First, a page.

On June 16, 2016, President Barack Obama nominated Francis Ali-Osman, DSc, professor of Surgery and Pathology, to serve as a member of the National Cancer Advisory Board (NCAB).
Ali-Osman is the Margaret Harris & David Silverman Professor of Neuro-Oncology Research at Duke University School of Medicine, a position he has held since 2003. He is one of only six people recently nominated to the federal board.
“It was a surprise when I got the call from the White House informing that the President was appointing me to this position,” Ali-Osman says. “I am very privileged, indeed, for the opportunity to serve our country and to contribute at this level to the fight against a disease that will touch and devastate at least one in every four Americans and prematurely rob us of some of our finest citizens.”
Ali-Osman will join 17 other members on the NCAB, which is one of two presidentially appointed advisory boards at the National Institutes of Health (NIH). The NCAB performs a wide range of activities and functions, with the primary task being to advise the President, the secretary of Health and Human Resources, and the director of the National Cancer Institute (NCI) in health and scientific matters related to the nation’s cancer program.
The NCAB is also responsible for the second level review of grant proposals referred to the NCI for funding. These grants are generally the primary source of funding for scientific investigators, and accelerate progress made in cancer research.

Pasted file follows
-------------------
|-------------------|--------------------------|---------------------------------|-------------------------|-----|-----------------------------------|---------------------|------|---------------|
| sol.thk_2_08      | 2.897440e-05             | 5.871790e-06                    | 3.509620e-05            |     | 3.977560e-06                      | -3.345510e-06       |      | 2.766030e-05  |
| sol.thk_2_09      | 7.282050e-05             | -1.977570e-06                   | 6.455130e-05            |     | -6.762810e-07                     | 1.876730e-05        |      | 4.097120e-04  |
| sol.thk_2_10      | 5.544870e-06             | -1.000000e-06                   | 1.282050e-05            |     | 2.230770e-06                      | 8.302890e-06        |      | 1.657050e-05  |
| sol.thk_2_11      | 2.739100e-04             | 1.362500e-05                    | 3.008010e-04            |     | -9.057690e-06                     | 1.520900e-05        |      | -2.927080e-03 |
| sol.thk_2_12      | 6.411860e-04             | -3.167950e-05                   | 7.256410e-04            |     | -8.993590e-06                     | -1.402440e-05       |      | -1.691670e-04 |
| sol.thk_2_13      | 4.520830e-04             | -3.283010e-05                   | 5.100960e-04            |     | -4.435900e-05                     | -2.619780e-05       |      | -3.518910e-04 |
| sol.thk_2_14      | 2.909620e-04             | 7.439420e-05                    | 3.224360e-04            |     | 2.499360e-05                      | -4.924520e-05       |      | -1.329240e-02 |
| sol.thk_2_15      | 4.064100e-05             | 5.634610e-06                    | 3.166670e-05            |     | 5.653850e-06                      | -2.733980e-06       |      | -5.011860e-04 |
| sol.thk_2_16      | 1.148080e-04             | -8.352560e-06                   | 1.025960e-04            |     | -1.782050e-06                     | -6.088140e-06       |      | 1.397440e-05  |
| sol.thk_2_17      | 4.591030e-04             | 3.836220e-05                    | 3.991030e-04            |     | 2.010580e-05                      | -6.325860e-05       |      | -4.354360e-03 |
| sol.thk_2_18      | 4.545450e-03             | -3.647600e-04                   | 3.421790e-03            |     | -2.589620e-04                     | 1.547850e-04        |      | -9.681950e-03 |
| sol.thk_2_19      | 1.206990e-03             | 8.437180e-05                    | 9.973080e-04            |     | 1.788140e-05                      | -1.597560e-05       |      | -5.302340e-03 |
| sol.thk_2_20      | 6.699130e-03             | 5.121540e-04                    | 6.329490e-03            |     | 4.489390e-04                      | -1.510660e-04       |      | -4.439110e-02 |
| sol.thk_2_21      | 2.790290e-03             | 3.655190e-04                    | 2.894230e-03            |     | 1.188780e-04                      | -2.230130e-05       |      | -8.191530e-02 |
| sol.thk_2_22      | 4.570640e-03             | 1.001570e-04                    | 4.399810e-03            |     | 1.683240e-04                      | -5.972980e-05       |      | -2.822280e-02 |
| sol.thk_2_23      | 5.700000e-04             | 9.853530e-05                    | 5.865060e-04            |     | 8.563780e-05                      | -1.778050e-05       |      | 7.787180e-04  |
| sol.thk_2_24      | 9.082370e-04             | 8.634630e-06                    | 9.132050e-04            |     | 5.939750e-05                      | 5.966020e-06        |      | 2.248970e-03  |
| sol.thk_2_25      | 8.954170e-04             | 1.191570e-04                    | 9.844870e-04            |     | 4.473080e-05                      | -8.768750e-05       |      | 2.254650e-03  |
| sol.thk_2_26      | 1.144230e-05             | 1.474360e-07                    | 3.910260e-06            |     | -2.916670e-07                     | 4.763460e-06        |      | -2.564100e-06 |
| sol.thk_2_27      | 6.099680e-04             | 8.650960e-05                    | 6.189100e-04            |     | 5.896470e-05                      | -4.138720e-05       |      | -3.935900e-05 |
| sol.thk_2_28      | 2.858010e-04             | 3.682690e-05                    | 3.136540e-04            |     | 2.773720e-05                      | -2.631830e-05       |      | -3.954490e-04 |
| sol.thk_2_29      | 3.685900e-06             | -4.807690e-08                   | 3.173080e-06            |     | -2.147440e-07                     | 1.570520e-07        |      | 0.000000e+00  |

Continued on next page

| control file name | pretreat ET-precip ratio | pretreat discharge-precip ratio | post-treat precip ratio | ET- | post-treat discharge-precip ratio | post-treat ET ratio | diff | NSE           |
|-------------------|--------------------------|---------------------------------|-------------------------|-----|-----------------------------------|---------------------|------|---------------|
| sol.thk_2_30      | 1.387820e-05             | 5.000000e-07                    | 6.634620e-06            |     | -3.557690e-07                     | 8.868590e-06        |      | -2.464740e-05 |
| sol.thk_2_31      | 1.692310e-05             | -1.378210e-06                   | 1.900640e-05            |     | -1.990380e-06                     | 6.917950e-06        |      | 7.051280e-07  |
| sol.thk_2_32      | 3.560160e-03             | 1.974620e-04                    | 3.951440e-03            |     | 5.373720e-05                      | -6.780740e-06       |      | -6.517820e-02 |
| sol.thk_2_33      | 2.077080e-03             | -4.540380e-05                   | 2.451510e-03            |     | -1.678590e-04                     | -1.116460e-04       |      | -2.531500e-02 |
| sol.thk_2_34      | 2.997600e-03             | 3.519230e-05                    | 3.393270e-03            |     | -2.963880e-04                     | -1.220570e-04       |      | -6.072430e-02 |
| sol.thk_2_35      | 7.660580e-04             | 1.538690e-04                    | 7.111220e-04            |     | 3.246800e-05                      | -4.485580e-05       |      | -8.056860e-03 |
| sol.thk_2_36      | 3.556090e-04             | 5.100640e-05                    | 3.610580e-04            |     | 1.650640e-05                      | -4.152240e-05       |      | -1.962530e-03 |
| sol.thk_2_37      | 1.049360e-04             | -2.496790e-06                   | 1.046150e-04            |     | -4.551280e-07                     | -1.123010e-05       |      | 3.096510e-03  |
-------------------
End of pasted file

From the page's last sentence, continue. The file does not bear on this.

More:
NCAB members are appointed to serve overlapping terms of six years and will meet no less than four times within a fiscal year. Board meetings are open to the public. Special sensitive issues, as determined by the secretary, are discussed in closed sessions.
“I am confident that these experienced and hardworking individuals will help us tackle the important challenges facing America, and I am grateful for their service. I look forward to working with them,” said President Obama about the appointees.
The variety of roles Ali-Osman has served throughout his career qualifies him as a leading authority in cancer research. After receiving his BS, MSc, and DSc from the Free University of Berlin, he went on to work at a number of leading medical universities, including the MD Anderson Cancer Center at the University of Texas, where he served, among other titles, as director of Neurosurgery Research.
He is co-author of over 175 manuscripts and editor of the authoritative text Brain Tumors (2004), in which he collaborated with other experts in the field to emphasize the paradigm shifts in brain tumor therapeutics.
Ali-Osman explains that while “these are exciting times in the war against cancer, with incredible advances in biology and technology, including the genome sequencing of the most common human cancers, an improved understanding of cancer biology and the immune system, and novel approaches that rapidly process and disseminate big data,” there are still outmoded methods that need to be rooted out and replaced.
“I hope during my tenure on the NCAB to continue to work towards engendering a team approach to fighting cancer that not only supports individual creativity and genius, but breaks down traditional silos in research and practice at all levels and fosters and incentivizes collaboration between individuals and diverse disciplines in science, technology, and medicine,” he says. “This will require increased investment, but also a cultural shift [that will] acknowledge and reward team science, ensure more open information sharing, and [implement] a more rapid translation of research advances from discovery to the patient.”
The Preston Robert Tisch Brain Tumor Center thanks Ali-Osman for his continued service. We are excited to see how his new experiences on a national level will ameliorate Duke’s own Neuro-Oncology program.